Confirmed Cases of Equine Herpes Myeloencephalopathy in Durham Region
The Ontario Ministry of Agriculture, Food and Rural Affairs (OMAFRA) has been notified of two confirmed cases of Equine Herpes Myeloencephalopathy (EHM)
By: OMAFRA |
The Ontario Ministry of Agriculture, Food and Rural Affairs (OMAFRA) has been notified of two confirmed cases of Equine Herpes Myeloencephalopathy (EHM), caused by equine herpes virus 1 (EHV-1). The horses from Durham Region were referred to the Ontario Veterinary College with neurological signs and are receiving treatment. Three other horses on the farm have tested positive for the mutated (neuropathogenic) strain of EHV-1 on nasal swabs, but are not demonstrating neurological signs at this time. The farm owner has voluntarily placed the premises under a self-imposed quarantine to reduce the risk of viral spread.
These are the first cases of EHM diagnosed in Ontario this year; however, cases of EHM have been diagnosed in California, Kentucky, Louisiana and Michigan since the beginning of the year. In 2015, there were three laboratory-confirmed cases of EHM in Ontario.
EHV-1 infection in horses can cause respiratory disease, abortion, neonatal foal death, and/or neurological disease. EHV-1 is not a federally reportable disease but is immediately notifiable by laboratories under the reporting regulation of the provincial Animal Health Act. Attending veterinarians suspicious of EHM should contact OMAFRA as soon as possible.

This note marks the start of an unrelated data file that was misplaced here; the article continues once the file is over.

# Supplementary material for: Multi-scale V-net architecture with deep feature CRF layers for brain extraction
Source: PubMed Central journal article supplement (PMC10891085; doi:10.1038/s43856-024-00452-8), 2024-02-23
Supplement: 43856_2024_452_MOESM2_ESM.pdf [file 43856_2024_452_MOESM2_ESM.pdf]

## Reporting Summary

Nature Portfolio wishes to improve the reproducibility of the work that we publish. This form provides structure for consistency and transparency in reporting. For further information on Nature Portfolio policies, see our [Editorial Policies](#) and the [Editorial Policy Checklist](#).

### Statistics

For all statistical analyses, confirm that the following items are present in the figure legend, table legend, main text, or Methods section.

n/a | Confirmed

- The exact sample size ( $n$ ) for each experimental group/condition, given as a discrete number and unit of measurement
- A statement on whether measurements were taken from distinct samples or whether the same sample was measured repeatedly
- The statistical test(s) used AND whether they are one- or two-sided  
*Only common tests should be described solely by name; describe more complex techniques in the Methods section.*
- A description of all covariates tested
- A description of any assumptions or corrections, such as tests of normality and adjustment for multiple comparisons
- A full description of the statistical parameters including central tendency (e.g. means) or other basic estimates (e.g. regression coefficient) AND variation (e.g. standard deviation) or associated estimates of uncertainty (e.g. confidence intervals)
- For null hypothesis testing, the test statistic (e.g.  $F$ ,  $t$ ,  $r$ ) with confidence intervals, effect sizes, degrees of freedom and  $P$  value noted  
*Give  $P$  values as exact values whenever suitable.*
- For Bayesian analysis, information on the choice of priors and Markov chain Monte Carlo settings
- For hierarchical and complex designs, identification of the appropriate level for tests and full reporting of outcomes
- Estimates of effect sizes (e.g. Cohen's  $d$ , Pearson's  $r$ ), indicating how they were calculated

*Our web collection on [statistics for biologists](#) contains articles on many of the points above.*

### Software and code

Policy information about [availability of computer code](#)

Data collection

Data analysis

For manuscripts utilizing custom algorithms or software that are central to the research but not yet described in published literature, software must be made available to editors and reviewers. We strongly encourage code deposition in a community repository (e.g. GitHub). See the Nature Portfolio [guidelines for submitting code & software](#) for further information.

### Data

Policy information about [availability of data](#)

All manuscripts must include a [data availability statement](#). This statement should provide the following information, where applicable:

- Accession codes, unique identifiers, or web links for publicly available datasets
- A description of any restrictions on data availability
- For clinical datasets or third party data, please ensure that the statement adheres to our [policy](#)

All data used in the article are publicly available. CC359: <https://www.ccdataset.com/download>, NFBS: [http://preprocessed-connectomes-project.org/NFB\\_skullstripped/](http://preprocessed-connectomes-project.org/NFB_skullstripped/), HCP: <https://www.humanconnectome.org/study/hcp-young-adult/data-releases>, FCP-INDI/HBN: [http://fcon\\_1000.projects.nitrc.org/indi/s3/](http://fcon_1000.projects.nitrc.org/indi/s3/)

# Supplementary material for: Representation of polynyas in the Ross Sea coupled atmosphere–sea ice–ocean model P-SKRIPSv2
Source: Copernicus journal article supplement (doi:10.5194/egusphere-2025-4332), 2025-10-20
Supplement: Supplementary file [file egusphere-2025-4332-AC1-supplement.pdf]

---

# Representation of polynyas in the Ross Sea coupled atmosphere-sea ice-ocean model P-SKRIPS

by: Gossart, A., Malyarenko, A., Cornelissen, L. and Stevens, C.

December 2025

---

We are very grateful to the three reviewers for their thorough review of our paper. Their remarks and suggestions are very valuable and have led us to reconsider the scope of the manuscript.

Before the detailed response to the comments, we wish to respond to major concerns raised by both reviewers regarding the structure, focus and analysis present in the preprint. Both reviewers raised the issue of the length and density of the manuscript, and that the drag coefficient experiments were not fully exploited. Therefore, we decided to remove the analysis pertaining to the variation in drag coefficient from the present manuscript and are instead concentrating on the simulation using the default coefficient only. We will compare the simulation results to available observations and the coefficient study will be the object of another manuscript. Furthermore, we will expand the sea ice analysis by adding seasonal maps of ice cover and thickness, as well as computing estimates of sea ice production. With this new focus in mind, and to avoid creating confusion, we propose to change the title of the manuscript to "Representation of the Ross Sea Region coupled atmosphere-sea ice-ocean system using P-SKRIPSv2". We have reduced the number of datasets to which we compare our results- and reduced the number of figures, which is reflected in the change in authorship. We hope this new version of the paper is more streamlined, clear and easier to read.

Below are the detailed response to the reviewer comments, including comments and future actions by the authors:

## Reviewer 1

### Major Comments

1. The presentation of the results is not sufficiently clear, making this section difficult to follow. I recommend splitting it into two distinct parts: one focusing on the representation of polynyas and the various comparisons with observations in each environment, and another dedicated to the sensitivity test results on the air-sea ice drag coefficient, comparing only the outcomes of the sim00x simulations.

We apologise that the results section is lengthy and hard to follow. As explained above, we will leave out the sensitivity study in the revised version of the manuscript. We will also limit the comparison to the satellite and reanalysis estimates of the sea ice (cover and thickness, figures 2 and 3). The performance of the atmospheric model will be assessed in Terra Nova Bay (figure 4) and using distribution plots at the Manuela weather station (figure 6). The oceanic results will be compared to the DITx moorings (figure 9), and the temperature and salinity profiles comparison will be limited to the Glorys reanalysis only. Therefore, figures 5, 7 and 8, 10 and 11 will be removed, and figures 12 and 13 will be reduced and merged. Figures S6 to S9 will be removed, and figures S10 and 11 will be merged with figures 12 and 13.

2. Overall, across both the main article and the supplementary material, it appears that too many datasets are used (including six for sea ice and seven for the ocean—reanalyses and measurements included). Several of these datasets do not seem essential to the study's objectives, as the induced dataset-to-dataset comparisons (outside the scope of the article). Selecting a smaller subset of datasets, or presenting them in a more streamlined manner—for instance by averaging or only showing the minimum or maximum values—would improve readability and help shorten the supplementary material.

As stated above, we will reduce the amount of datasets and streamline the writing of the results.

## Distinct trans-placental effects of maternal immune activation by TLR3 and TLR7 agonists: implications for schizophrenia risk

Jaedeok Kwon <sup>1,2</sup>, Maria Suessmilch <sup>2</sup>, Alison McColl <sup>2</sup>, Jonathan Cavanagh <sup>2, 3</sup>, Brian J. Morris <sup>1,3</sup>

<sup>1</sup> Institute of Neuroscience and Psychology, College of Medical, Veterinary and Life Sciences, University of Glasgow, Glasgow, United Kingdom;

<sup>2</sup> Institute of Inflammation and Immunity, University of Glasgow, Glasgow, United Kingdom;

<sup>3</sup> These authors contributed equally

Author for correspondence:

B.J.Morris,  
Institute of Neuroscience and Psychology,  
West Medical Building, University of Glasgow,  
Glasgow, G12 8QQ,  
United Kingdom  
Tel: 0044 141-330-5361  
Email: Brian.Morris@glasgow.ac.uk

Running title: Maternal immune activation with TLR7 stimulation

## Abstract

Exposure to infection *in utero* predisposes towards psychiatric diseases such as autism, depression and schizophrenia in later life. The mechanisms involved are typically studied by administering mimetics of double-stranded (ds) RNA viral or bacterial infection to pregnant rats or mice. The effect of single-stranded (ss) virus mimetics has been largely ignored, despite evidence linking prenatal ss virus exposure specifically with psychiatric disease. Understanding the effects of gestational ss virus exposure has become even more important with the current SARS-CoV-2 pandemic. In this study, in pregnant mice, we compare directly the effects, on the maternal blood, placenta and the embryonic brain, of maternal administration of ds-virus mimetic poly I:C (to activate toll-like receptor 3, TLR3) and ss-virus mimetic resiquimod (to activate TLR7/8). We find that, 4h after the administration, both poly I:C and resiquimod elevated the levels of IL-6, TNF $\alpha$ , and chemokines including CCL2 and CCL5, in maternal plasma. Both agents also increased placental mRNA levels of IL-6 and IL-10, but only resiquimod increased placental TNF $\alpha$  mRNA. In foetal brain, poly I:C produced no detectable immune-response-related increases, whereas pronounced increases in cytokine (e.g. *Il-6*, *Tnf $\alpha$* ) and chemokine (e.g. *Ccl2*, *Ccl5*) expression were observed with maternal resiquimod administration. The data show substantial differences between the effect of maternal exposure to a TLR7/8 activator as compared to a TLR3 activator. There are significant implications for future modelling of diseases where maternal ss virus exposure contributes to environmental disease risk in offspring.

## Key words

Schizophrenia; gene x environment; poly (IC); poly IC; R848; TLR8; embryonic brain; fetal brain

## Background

Because infected horses may show no clinical signs, but still shed the virus, the temperature of suspect animals should be monitored twice daily for 14 – 21 days and any abnormalities discussed with a veterinarian. Neurological signs, if they develop, may include loss or balance, hind-limb weakness, recumbency, difficulty urinating, decreased tail tone and depression. It is important that a veterinarian assess suspect cases of EHM since it can be difficult to distinguish this from other serious neurological diseases, such as rabies.
EHV-1 is easily spread by nose-to-nose or close contact with an infectious horse, by sharing contaminated equipment (bits, buckets, towels, etc.) or by the clothing, hands or equipment of people who recently had contact with an infectious horse. This highlights the need for routine biosecurity measures (including hand hygiene and basic cleaning and disinfection practices) to be in place at all times to prevent a disease outbreak. Special attention should be given to cleaning and disinfecting trailers.
Current EHV-1 vaccines may reduce viral shedding but are not protective against the neurological form of the disease. Implementing routine biosecurity practices is the best way to minimize viral spread.
The best method of disease control is disease prevention.